That night was a night of desperation. As the heart monitor gave out its timely beep, doctors worked on the body, half hoping, half dreading; the child’s mother sobbed uncontrollably in devastation, and her brother did his best to look calm, although signs of overwhelming distraught showed in his eyes. Friends and neighbors came to console the mother, but it seemed hopeless. Finally the main surgeon walked out of the OT. “She has only 25% chance of survival.” That was the last thing anyone wanted to hear.
Her spleen was removed – at least a huge portion of it – and her lung too, for it was completely lacerated. Her blood capacity was below 50%, and her ankle and rib cage were fractured. She was now very pale and thin. Her eyes were shut close as her spirit breathed on and on, considering whether it should hold itself together or simply give up.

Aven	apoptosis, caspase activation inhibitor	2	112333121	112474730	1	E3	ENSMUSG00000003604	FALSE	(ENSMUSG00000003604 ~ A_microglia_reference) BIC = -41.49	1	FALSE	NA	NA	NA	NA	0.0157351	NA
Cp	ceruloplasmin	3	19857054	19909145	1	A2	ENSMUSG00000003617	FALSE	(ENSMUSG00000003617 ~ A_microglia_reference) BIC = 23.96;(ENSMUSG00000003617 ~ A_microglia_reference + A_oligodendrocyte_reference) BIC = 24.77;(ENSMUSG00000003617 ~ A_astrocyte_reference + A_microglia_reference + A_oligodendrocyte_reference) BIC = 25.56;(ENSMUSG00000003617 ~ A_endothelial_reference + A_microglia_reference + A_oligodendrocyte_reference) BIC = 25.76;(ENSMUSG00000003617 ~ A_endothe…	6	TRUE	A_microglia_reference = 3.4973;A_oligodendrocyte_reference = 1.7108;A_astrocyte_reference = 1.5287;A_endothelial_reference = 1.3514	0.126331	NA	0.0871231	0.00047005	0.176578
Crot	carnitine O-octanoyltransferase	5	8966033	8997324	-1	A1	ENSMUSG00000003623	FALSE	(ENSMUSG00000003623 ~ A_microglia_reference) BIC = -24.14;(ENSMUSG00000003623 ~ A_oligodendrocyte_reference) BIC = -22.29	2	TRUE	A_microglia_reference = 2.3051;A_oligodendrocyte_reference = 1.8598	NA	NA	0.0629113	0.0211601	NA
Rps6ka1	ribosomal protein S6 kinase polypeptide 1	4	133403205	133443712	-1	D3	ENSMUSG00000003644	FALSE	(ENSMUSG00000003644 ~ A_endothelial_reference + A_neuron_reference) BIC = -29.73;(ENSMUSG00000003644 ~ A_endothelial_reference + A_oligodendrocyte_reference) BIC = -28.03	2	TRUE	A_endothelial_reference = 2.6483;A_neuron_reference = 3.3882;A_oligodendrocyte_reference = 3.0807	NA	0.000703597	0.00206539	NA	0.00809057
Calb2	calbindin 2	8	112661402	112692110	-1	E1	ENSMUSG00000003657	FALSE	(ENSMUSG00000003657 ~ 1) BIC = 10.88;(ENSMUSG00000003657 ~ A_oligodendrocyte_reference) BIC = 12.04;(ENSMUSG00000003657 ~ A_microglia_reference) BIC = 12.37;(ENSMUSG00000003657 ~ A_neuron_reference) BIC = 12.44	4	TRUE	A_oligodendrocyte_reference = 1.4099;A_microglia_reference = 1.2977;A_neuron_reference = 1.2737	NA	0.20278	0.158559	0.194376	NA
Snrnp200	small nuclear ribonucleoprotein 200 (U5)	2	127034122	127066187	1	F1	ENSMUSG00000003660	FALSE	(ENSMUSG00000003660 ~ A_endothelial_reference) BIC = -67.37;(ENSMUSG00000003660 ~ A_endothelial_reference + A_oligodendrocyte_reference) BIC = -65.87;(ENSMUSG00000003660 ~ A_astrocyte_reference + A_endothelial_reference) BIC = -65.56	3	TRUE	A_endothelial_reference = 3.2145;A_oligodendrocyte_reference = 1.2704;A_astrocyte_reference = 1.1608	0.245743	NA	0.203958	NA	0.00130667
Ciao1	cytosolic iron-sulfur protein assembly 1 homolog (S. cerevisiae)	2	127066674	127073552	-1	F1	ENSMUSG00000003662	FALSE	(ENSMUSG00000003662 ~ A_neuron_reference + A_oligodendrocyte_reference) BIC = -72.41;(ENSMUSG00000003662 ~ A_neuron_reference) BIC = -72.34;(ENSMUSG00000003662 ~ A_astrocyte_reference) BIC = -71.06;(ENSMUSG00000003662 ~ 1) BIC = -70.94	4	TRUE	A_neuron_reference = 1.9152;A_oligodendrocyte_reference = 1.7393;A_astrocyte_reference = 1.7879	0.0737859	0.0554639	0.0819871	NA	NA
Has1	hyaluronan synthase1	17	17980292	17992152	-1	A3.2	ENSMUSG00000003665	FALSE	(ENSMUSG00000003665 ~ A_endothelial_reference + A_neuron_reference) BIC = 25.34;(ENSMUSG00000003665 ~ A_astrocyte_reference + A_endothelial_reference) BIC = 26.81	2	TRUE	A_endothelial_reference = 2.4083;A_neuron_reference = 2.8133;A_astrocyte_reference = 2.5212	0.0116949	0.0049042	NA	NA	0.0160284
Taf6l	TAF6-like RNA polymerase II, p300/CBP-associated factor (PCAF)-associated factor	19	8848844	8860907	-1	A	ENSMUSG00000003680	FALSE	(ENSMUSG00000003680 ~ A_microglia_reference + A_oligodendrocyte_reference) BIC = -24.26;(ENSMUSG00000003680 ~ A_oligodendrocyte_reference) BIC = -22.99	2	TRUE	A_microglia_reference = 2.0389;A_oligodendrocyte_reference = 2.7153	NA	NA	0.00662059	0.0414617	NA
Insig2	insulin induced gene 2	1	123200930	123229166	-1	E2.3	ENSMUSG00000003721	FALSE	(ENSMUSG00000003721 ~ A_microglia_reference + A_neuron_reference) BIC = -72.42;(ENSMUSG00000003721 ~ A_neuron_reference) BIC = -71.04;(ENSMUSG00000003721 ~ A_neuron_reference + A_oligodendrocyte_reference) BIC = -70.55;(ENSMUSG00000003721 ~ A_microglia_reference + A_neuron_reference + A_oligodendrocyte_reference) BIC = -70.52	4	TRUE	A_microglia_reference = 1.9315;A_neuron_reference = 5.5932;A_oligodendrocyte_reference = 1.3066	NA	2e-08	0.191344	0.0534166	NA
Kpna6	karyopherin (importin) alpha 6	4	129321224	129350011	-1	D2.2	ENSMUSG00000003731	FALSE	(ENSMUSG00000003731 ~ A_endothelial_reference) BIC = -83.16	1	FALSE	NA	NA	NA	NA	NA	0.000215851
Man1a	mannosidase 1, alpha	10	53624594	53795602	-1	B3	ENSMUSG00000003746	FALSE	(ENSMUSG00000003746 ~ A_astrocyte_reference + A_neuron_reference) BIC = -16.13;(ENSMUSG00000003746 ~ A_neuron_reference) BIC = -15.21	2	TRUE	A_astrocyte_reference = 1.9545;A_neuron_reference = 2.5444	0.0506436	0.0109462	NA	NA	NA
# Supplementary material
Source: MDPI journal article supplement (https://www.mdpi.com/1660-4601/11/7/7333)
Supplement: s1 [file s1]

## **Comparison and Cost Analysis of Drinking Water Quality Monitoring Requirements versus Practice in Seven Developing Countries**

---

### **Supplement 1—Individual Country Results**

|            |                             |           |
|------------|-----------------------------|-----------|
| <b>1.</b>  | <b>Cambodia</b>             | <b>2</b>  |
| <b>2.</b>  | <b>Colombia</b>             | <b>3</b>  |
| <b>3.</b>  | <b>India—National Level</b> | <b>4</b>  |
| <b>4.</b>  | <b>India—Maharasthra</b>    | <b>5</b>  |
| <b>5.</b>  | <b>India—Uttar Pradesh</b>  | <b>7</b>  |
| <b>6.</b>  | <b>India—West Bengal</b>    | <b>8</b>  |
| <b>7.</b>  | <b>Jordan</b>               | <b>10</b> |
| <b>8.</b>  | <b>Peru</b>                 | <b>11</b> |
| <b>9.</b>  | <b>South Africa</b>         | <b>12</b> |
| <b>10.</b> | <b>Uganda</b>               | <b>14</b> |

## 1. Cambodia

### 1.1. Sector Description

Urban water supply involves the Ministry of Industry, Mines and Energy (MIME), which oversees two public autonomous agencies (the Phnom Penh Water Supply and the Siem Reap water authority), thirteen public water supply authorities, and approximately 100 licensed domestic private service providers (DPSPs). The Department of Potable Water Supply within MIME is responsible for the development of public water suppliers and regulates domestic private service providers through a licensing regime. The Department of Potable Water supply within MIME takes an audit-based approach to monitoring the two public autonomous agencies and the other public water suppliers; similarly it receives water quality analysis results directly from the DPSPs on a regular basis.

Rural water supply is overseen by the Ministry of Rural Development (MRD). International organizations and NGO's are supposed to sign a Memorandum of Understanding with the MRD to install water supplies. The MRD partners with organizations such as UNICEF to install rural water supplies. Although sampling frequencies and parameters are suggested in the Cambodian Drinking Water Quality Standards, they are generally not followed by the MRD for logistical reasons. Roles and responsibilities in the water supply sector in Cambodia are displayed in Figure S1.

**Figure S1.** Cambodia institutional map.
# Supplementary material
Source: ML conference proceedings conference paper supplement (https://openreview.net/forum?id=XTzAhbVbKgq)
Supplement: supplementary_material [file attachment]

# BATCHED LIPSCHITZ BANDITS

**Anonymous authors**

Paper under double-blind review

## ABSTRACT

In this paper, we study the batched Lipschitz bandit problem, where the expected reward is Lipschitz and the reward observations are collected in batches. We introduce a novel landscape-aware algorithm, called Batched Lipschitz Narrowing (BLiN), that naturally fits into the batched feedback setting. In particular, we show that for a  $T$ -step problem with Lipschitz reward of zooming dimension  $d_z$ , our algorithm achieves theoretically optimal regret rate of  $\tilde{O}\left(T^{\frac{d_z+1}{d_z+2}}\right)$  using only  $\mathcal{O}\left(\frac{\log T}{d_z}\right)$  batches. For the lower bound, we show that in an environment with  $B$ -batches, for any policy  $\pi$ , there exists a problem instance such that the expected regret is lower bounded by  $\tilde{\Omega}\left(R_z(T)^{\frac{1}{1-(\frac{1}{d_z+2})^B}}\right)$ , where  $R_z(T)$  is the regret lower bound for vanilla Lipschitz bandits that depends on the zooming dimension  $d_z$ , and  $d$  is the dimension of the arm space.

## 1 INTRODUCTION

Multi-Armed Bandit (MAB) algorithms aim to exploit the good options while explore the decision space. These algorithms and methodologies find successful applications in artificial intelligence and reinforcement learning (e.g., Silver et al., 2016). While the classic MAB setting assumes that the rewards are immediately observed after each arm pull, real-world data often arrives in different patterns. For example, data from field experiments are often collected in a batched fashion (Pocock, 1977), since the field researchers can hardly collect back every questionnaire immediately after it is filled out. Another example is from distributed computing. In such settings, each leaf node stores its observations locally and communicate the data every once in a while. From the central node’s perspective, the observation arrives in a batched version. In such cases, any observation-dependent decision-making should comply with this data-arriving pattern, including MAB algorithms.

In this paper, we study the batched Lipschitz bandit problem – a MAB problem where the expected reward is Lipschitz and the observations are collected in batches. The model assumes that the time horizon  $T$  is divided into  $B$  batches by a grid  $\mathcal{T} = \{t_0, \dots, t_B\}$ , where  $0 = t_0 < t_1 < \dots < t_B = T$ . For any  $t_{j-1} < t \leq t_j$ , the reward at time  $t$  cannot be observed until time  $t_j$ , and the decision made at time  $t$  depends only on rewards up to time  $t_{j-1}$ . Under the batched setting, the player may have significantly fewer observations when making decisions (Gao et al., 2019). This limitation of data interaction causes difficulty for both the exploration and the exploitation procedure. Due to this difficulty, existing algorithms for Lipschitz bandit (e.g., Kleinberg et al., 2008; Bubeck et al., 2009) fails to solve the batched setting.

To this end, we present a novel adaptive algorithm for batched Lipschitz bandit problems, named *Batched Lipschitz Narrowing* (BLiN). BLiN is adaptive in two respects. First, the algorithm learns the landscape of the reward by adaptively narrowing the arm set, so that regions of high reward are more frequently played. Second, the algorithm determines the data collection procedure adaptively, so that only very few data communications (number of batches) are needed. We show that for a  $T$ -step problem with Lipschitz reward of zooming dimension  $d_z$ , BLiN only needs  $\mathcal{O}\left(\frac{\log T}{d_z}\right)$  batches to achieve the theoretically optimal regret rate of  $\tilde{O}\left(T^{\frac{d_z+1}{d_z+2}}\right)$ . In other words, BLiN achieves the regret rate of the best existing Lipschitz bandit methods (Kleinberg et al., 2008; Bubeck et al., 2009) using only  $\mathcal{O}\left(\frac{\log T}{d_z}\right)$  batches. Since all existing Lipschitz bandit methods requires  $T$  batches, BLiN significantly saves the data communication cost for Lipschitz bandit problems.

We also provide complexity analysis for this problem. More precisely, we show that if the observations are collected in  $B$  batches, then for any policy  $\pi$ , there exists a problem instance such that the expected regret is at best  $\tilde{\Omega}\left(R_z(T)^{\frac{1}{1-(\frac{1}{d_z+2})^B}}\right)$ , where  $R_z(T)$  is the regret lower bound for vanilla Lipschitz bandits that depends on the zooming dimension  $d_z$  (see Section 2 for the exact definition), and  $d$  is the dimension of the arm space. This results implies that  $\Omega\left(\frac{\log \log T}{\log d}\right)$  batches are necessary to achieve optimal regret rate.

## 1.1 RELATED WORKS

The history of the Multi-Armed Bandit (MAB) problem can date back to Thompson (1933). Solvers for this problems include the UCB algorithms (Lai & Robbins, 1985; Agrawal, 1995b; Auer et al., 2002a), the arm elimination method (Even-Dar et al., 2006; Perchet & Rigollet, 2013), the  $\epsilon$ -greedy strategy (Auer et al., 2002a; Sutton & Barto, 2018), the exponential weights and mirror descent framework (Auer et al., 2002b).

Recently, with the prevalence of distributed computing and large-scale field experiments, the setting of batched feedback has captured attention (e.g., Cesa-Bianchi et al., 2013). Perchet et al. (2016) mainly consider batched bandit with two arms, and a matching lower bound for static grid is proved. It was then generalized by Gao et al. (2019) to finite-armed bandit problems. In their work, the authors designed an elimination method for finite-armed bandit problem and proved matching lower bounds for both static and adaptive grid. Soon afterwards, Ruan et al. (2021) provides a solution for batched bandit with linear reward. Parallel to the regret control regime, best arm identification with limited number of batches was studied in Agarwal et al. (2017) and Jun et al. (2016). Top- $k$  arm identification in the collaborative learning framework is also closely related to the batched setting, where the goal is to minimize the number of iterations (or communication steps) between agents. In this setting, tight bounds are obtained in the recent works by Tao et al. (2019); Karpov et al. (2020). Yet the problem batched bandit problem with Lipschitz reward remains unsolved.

In the dire circumstances, her spirit fought through a tough combat between Life and Death, between the real and the Void. It battled to keep the girl alive, her dear heart beating and her lung breathing. Her warring soul never stopped for weeks on end.
Yet just when everyone was almost losing hope on the beautiful child, her beautiful brown eyes flickered open. There were a few more battles, battles that were not as tough as the one before, but were still battles. First she lost her voice – and then it came back, slowly, gradually. Then she had to learn to stand up; she fell hard onto the ground so many, many times the searing pain shot through her feeble spine and left her semi-paralyzed for a second. Next she had to learn how to walk again. On several occasions she fell headlong on her crutches as she hobbled through the corridors of the hospital.